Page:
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Evid Based Nurs 10:89 doi:10.1136/ebn.10.3.89
  • Treatment

An exercise programme led to a slower decline in activities of daily living in nursing home patients with Alzheimer’s disease


 
 Q In patients with Alzheimer’s disease (AD) in nursing homes, does an exercise programme slow the decline in ability to do activities of daily of living (ADLs)?

METHODS

GraphicDesign:

randomised controlled trial.

GraphicAllocation:

{concealed}.*

GraphicBlinding:

blinded (outcome assessors and {data analysts}*).

GraphicFollow up period:

12 months.

GraphicSetting:

5 nursing homes in Toulouse, France.

GraphicPatients:

134 patients who were 62–103 years of age (mean age 83 y, 75% women), met the National Institute of Neurological and Communicative Diseases and Stroke/Alzheimer Disease and Related Disorders Association criteria for probable or possible AD, had lived in the nursing home for ⩾2 months, and were able to transfer from a chair and walk ⩾6 metres without human assistance. Exclusion criteria were vascular dementia or Parkinson’s disease, surgery in the coming year, cardiac condition that could worsen with exercise, or terminal illness with life expectancy <6 months.

GraphicIntervention:

exercise (n = 67) or routine medical care (n = 67). Patients in the exercise group were divided into small groups of 2–7 (mean 5) patients according to their physical, cognitive, and behavioural performance. The exercise programme was individualised and included aerobic, strength, flexibility, and balance training. At least half of each session consisted of walking. The sessions were held for 1 hour in the afternoon twice a week, with ⩾2 days between exercise sessions.

GraphicOutcomes:

decline from baseline in Katz ADL score (range 0–6, 0  =  dependent, 6  =  independent).

GraphicPatient follow up:

82% (100% included in intention to treat analysis).

MAIN RESULTS

At 12 months, patients in the exercise group showed less decline in performance of ADLs than patients in the routine medical care group (table). Exercise and routine medical care did not differ for number of falls (139 v 136), fractures (5 v 2), or deaths (7 v 8).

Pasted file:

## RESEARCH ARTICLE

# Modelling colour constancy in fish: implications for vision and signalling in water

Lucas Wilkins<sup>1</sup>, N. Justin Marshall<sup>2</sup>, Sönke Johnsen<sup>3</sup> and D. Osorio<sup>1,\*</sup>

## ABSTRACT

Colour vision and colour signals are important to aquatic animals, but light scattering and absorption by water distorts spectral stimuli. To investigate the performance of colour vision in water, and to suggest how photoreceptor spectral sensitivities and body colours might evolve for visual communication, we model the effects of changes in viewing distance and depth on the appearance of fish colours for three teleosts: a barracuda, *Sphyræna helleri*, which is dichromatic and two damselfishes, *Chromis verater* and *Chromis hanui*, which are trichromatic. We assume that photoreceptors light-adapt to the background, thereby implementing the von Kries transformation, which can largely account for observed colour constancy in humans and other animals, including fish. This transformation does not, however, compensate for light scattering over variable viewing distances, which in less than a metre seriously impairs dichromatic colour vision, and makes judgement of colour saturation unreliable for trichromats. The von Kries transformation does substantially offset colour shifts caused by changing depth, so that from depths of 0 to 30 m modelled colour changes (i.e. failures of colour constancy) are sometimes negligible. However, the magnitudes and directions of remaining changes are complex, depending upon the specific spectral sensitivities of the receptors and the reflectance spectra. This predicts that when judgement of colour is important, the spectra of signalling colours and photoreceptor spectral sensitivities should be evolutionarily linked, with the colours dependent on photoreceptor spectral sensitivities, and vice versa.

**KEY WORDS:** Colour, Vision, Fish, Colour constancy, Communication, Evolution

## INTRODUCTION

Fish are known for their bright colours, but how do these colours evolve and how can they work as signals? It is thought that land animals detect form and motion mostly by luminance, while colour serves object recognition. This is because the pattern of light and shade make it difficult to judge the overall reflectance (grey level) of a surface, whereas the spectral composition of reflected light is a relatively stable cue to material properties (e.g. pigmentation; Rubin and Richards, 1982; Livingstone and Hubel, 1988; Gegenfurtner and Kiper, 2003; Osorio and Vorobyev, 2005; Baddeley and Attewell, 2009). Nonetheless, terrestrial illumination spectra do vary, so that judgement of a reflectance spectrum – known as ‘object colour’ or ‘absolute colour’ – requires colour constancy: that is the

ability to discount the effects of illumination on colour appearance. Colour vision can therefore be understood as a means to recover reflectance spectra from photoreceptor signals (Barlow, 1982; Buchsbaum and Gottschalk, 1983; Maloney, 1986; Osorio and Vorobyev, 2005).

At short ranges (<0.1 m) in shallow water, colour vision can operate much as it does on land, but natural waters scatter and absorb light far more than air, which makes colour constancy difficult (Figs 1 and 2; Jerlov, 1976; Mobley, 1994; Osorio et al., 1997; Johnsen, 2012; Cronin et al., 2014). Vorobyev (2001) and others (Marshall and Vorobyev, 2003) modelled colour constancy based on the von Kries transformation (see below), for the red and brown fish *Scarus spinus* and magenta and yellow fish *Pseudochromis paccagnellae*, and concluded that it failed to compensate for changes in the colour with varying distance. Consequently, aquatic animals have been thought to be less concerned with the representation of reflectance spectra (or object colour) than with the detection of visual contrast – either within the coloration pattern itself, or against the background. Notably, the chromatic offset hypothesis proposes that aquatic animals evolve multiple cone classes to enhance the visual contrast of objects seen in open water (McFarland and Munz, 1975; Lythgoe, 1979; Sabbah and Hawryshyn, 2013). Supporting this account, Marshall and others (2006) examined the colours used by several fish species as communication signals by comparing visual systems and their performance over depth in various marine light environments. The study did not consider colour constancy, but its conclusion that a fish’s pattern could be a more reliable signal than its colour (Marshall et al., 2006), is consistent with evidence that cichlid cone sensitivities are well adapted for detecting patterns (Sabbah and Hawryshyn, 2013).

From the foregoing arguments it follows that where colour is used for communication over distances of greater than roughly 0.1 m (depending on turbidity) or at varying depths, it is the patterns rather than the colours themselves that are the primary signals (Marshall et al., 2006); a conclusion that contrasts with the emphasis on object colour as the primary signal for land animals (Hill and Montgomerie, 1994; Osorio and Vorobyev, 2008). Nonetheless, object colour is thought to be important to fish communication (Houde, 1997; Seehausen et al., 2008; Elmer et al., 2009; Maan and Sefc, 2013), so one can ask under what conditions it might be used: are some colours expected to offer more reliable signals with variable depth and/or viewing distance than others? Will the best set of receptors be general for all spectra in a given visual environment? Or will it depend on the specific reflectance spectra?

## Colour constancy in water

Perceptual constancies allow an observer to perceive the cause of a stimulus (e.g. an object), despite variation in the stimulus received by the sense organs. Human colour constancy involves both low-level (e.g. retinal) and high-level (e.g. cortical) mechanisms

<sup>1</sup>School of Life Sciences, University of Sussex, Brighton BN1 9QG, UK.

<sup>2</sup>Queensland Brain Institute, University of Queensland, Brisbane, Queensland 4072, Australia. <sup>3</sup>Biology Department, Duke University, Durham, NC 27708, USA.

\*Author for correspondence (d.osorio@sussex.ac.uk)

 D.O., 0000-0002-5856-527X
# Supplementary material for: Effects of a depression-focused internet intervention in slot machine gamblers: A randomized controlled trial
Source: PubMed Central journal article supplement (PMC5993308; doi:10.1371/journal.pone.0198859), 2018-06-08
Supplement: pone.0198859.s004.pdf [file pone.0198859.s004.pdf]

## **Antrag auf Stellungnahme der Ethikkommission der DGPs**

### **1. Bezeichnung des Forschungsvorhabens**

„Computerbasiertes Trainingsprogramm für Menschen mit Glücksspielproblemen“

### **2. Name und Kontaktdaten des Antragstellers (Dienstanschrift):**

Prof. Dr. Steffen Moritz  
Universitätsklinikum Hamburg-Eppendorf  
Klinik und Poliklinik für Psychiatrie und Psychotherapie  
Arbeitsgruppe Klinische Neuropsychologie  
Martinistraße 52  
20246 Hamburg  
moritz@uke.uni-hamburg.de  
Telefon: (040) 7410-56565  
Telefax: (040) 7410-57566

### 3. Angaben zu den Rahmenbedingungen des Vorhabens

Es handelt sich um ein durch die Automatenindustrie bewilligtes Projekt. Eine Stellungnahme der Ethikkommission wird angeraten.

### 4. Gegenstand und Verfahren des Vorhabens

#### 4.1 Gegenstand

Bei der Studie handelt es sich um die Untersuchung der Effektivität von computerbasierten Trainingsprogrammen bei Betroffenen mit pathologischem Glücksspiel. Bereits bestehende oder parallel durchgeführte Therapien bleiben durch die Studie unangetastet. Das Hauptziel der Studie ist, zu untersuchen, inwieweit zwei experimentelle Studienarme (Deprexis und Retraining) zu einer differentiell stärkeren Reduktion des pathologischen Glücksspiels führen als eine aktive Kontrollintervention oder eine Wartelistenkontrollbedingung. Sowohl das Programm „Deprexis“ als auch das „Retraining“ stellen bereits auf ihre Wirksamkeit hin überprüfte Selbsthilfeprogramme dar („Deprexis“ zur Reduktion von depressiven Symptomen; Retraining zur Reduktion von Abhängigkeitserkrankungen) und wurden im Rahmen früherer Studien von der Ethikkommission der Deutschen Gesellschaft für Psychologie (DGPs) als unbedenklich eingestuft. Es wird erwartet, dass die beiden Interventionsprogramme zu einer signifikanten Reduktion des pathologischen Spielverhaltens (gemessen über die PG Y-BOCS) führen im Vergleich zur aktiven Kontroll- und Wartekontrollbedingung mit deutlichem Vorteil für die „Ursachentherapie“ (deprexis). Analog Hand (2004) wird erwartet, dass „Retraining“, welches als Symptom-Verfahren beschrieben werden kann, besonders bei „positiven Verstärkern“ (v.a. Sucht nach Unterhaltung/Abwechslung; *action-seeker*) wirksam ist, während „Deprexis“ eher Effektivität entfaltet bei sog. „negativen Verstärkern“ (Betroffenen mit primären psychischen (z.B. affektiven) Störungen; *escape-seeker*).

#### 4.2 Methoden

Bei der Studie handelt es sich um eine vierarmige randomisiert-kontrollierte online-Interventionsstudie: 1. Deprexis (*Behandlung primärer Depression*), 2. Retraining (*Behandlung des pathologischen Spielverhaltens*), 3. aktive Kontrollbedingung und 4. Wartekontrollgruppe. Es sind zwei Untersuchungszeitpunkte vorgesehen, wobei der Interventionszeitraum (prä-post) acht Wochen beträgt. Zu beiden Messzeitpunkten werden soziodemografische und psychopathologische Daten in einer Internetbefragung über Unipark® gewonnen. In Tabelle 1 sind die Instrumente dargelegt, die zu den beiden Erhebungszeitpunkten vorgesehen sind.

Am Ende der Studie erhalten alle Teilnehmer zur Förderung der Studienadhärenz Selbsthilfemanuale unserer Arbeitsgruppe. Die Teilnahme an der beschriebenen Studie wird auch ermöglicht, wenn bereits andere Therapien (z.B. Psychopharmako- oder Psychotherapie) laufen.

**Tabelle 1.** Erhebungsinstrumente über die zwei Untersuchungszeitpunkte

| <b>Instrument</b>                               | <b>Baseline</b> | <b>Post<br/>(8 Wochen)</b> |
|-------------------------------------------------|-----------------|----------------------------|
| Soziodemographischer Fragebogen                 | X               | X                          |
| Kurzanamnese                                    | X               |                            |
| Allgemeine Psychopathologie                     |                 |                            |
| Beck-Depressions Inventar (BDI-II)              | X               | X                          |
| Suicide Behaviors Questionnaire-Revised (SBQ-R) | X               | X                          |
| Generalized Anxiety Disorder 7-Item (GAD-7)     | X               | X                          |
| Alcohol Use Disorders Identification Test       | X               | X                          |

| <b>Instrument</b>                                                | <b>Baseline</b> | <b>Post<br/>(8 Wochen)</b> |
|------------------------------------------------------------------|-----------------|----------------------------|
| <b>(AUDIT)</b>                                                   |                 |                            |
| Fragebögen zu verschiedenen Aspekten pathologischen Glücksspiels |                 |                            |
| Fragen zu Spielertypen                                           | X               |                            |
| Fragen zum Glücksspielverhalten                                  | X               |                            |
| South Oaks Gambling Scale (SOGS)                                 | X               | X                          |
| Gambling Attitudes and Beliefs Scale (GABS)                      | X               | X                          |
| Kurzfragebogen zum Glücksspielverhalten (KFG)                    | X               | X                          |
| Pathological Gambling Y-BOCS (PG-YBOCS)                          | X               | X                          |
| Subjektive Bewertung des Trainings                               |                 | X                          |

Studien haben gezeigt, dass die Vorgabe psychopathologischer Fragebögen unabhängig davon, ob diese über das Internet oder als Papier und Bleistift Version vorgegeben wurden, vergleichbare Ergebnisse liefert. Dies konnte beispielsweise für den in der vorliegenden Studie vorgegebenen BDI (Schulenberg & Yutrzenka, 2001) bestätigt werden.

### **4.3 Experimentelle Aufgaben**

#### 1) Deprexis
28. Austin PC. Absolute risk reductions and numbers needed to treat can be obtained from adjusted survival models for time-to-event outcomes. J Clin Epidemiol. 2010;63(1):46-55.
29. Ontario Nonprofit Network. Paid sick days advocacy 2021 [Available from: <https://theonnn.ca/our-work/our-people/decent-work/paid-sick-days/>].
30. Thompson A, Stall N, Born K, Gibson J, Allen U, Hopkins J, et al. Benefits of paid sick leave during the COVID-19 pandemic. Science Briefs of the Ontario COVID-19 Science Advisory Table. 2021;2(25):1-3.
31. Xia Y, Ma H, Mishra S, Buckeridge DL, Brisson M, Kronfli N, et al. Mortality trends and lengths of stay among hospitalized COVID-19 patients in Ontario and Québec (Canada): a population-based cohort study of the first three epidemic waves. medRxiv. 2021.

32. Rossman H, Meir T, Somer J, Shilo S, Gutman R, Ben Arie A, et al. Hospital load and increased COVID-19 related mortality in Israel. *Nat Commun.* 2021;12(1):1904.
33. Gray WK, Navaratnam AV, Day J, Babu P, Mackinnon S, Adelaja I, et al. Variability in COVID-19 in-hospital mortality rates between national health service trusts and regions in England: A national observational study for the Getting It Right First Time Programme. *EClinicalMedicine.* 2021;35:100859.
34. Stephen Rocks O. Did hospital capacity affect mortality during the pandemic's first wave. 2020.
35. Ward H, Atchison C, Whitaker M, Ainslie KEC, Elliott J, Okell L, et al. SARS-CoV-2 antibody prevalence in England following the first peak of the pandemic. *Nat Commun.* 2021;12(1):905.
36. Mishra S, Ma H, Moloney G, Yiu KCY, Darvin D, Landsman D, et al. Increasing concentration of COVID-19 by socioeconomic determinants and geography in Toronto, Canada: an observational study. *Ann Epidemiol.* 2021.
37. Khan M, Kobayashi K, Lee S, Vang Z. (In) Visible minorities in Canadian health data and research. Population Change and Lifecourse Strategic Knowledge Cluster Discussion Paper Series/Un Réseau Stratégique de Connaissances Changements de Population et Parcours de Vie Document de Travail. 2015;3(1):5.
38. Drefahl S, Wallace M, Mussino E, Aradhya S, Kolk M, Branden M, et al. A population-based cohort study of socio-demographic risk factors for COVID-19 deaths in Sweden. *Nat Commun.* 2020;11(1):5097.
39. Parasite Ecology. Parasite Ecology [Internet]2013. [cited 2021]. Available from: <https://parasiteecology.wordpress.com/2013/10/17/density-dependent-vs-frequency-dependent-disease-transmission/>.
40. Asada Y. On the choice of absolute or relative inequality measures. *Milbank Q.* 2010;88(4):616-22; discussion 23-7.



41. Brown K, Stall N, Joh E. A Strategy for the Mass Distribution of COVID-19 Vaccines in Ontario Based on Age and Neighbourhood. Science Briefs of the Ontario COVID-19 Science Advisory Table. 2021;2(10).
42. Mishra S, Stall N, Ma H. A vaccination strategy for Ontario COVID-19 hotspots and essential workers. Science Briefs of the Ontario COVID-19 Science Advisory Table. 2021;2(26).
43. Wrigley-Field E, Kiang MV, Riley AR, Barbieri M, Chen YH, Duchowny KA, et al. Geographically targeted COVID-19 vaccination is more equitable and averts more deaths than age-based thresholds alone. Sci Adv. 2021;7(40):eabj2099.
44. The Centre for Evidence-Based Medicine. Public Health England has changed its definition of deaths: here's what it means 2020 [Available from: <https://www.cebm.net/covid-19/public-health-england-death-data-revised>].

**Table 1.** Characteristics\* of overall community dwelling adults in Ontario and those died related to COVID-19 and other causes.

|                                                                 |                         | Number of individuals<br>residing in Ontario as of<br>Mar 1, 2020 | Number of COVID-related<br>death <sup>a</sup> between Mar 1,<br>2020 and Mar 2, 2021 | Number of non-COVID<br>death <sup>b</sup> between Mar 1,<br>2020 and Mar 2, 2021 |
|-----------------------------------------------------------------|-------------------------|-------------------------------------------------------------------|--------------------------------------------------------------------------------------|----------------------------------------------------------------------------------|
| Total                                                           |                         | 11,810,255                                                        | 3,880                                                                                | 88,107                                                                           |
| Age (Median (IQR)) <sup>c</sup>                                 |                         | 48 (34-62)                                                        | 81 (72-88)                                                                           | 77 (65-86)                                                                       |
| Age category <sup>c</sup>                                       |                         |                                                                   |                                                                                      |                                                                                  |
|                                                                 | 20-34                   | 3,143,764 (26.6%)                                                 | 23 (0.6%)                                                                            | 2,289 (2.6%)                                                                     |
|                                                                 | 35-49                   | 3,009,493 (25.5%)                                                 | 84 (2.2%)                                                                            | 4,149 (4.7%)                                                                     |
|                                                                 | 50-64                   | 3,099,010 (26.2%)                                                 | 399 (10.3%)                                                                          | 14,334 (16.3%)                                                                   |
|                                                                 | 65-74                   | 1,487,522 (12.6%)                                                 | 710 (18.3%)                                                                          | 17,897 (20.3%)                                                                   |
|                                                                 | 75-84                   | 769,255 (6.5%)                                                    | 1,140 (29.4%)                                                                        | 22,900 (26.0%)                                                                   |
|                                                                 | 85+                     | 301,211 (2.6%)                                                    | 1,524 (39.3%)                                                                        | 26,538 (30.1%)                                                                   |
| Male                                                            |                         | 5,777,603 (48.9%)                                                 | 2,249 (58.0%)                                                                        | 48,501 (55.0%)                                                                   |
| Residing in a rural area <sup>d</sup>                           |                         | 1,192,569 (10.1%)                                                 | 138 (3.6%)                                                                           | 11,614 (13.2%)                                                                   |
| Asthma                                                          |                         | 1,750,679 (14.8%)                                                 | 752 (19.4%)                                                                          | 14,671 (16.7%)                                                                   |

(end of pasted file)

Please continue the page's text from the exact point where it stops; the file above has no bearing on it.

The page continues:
Exercise v routine medical care for patients with Alzheimer’s disease in nursing homes

CONCLUSION

In nursing home patients with Alzheimer’s disease, an exercise programme led to a slower decline in the ability to do activities of daily living.

A modified version of this abstract appears in ACP Journal Club.

Commentary

  1. Dorothy A Forbes, RN, PhD
  1. University of Western Ontario,
 London, Ontario, Canada

      The study by Rolland et al makes an important and unique contribution to the literature as few studies have specifically examined the effectiveness of exercise in managing the symptoms of AD. A meta-analysis showed that exercise training increased fitness, physical function, cognition, and positive behaviour in older people with cognitive impairment and dementia.1 Although this review included 30 randomised controlled trials (RCTs), not all studies targeted people with AD or even dementia. In addition, most non-pharmacological intervention studies that aim to manage the symptoms of dementia have not used an RCT design and/or an adequate sample size.2 Rolland et al are the exception. They have done a well designed RCT with an adequate sample size.

      The authors correctly state that adherence to the exercise programme was low (35 of 67 participants attended less than one third of sessions). However, the results suggest that exercise adherence was significantly related to less deterioration in ADL scores. Thus, further research should focus on exploring the barriers and facilitators to improving adherence. Perhaps, adherence could be improved if exercise programmes were matched to the needs, capabilities, and preferences of people with dementia and if adequate funding was provided to support regular, appropriate programmes and settings over extended periods by qualified instructors. Further research that examines the cost effectiveness of exercise programmes would also be beneficial.

      There are potentially immense individual, caregiver, and public health benefits to slowing the progression of AD. The study by Rolland et al shows the contribution of a simple exercise programme in slowing the decline of clinically meaningful activities in people with dementia.

      References

      Footnotes

      • * Information provided by author.

      • For correspondence: Dr Y Rolland, Hôpital La Grave-Casselardit, Toulouse, France. yvesmrolland{at}yahoo.fr

      • Sources of funding: Caisse Nationale d’Assurance Maladie et du Travail and University Hospital of Toulouse.

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